Madeira Mondays: Sussex Pond Pudding

I watch The Great British Bake Off every year and this year I was especially looking forward to it – a bright spot of sweet, gentle television in what has been a particularly tumultuous year.

For any who might not be familiar, this is a popular British TV show where amateur bakers from across the UK ‘compete’ (I use this word loosely, because it’s quite a friendly show) to be crowned the winner. They make everything from breads to cakes to ice creams, and each week their skills are tested in a surprise ‘technical challenge’. For ‘the technical’ they all have to bake something, often historical, that they may not have ever heard of before. They are given only a sparse recipe and a set of ingredients. It’s meant to be a test of their general familiarity with all types of baking and also their overall baking instincts/skills.

This week, the ‘technical challenge’ was an 18th century dessert: ‘Sussex pond pudding’.

What is ‘Sussex pond pudding’?

The dish Sussex pond is first recorded in Hannah Woolley‘s 1672 book, The Queen-Like Closet.

The Bake Off hosts explained ‘Sussex pond’ like this:

‘Prue (the judge) has popped back to the 1700’s for this technical. She would like you each to make two Sussex pond puddings. Your puddings should be made with suet pastry and when steamed should be golden. When cut into your puddings should ooze out, creating a lemony, surup-y pond.’

The version of ‘Sussex pond’ that the bakers had to make on the show contained an entire lemon, in the center of the pudding, which is (according to my research) a modern addition to the recipe (historical versions don’t call for lemon).

A Sussex Pond pudding, photo via Wikipedia. (Sussex, by the way, for international readers, is a place in southern England, where I’ve never visited actually!)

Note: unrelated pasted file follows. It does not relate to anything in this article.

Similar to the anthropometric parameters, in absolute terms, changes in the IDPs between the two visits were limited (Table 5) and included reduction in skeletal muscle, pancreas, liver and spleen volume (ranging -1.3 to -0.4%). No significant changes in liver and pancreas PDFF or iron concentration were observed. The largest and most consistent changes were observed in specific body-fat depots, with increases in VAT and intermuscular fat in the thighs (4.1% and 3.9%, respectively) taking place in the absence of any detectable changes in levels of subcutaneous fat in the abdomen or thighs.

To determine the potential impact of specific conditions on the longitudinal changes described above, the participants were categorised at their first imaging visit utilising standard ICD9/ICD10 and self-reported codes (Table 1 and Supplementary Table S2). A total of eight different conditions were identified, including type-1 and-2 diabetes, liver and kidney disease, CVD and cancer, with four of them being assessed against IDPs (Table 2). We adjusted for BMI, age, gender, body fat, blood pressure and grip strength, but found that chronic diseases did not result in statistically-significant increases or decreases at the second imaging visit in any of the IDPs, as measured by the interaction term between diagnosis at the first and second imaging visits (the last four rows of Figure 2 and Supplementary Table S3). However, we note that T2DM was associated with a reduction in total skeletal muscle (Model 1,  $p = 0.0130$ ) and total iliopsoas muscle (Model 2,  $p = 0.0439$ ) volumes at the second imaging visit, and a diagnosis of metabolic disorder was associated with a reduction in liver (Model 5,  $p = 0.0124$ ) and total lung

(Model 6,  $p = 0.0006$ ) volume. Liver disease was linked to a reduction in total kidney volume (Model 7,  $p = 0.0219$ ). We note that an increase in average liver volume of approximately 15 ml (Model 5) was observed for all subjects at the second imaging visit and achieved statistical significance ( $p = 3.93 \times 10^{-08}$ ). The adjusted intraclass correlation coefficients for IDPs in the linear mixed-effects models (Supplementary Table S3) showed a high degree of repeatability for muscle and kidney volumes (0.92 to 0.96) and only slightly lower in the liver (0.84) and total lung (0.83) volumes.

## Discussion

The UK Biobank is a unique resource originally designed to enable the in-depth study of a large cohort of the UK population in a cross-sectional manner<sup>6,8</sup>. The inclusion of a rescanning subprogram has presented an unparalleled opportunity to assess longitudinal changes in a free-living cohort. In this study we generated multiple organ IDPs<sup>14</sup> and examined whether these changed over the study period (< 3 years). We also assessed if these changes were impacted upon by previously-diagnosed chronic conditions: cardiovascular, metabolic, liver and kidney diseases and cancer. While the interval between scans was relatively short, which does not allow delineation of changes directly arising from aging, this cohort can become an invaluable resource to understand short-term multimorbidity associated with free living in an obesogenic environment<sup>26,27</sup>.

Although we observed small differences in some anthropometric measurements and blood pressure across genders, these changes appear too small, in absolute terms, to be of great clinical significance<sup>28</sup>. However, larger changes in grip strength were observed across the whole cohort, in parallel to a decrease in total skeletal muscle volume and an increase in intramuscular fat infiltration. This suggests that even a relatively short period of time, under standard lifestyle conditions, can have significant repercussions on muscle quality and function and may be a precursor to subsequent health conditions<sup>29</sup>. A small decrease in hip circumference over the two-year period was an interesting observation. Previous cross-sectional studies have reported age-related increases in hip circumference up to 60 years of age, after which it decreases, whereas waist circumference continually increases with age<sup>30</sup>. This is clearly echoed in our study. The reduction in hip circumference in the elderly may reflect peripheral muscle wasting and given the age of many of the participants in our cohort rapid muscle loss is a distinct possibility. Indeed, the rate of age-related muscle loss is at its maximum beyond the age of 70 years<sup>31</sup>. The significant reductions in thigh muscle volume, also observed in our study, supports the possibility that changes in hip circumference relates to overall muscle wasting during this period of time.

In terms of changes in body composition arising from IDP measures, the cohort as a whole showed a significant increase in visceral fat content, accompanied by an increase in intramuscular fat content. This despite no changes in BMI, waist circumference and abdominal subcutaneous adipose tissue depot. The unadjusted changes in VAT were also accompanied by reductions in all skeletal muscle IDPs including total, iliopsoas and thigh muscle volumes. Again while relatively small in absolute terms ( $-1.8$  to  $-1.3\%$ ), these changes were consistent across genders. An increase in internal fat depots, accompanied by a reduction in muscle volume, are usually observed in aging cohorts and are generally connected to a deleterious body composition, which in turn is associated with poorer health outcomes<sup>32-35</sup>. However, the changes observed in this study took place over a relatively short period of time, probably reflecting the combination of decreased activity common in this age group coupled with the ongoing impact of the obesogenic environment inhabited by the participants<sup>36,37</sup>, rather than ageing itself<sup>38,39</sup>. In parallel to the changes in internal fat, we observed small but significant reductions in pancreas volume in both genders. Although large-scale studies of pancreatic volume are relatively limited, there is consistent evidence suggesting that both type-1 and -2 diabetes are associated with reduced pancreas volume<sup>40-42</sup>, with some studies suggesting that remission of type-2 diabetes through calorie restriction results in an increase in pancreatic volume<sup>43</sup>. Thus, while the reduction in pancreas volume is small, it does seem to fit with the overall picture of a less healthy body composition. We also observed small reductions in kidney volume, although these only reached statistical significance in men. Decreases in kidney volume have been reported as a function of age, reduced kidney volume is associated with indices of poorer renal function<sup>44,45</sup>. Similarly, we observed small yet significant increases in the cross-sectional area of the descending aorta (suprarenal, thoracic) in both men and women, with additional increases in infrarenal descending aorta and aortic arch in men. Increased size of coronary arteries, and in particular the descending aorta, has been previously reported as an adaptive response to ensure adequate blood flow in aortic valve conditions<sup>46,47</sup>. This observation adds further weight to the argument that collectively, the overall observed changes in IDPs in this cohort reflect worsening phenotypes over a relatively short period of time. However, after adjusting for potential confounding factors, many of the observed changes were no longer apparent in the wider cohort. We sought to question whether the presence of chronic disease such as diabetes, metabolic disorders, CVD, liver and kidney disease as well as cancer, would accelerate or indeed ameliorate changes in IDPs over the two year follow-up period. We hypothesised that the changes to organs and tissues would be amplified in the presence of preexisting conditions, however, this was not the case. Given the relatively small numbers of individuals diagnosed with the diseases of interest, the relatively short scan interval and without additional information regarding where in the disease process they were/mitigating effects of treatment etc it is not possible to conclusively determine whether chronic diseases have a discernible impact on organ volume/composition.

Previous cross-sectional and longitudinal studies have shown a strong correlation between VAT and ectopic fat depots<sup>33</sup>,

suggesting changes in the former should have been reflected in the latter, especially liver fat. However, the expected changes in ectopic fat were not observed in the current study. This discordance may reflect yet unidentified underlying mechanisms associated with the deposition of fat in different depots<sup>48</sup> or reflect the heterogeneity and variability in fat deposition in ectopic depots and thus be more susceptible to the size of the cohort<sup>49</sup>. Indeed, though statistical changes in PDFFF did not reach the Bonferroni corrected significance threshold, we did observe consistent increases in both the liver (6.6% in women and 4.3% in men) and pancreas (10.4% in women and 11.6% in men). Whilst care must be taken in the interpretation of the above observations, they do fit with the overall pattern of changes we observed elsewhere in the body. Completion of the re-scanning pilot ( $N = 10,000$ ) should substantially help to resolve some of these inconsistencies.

While I hadn’t heard of ‘Sussex pond’ in particular, I did know that boiled puddings were all the rage in the 18th century. And when I say ‘pudding’, American readers might be picturing a custard-like substance that you might eat as a kid. No no no. In the modern UK ‘pudding’ refers to ‘desserts’ (i.e. ‘What’s for pudding?’ means ‘What’s for dessert?’) . And in this case we’re talking about a boiled/steamed pudding which is a traditional British type of ‘pudding’. (British readers, feel free to correct me if any of this is wrong! I’ve lived in the UK for ten years now and still sometimes get confused when I hear the word ‘pudding’ and picture American ‘pudding’!)

Jas Townsend talks all about the history of the word ‘pudding’ here in his video on how to make a ‘Boiled Plum Pudding’. He says that the word pudding is based on the Old English word for gut and stomach. And the original puddings were organ meats mixed with grains and cooked in stomachs or intestines. (If you’re familiar with haggis, that’s like an old ‘pudding’). These puddings were boiled for many hours in intestines, until the early 17th century when they started making them in cloth sacks, instead of intestines, and the meats were taken out.

Townsend also explains in that video that typical 18th century boiled puddings featured four key ingredients: flour, milk, eggs, fat (usually suet – more on that in the second). They are cooked by wrapping them in a cloth and boiling them (or steaming them)  in water.

A recreated 18th century kitchen hearth, at The Georgian House in Edinburgh where I volunteer

On the Bake Off, many of the competitors were unfamiliar with one of the key ingredients of Sussex pond: suet.

What is suet?

As one of the bakers explained, the savvy Edinburgh lad Peter (who I’m rooting for to win!): ‘Suet is the lovely protective fat from animals that surrounds the livers, the kidneys.’

Townsend explains it in lots of detail in his video on suet and its many uses in 18th century cooking. He says that: ‘Suet is the fat from the loin and kidney region of beef and mutton.’ Apparently it’s a firmer sort of fat than the fat from other parts of an animal. I don’t eat meat, so even the look of suet kind of turns my stomach, but it was a real asset for 18th century bakers, and the modern bakers on the Bake Off were all given jars of it to use – I enjoyed their confused reactions!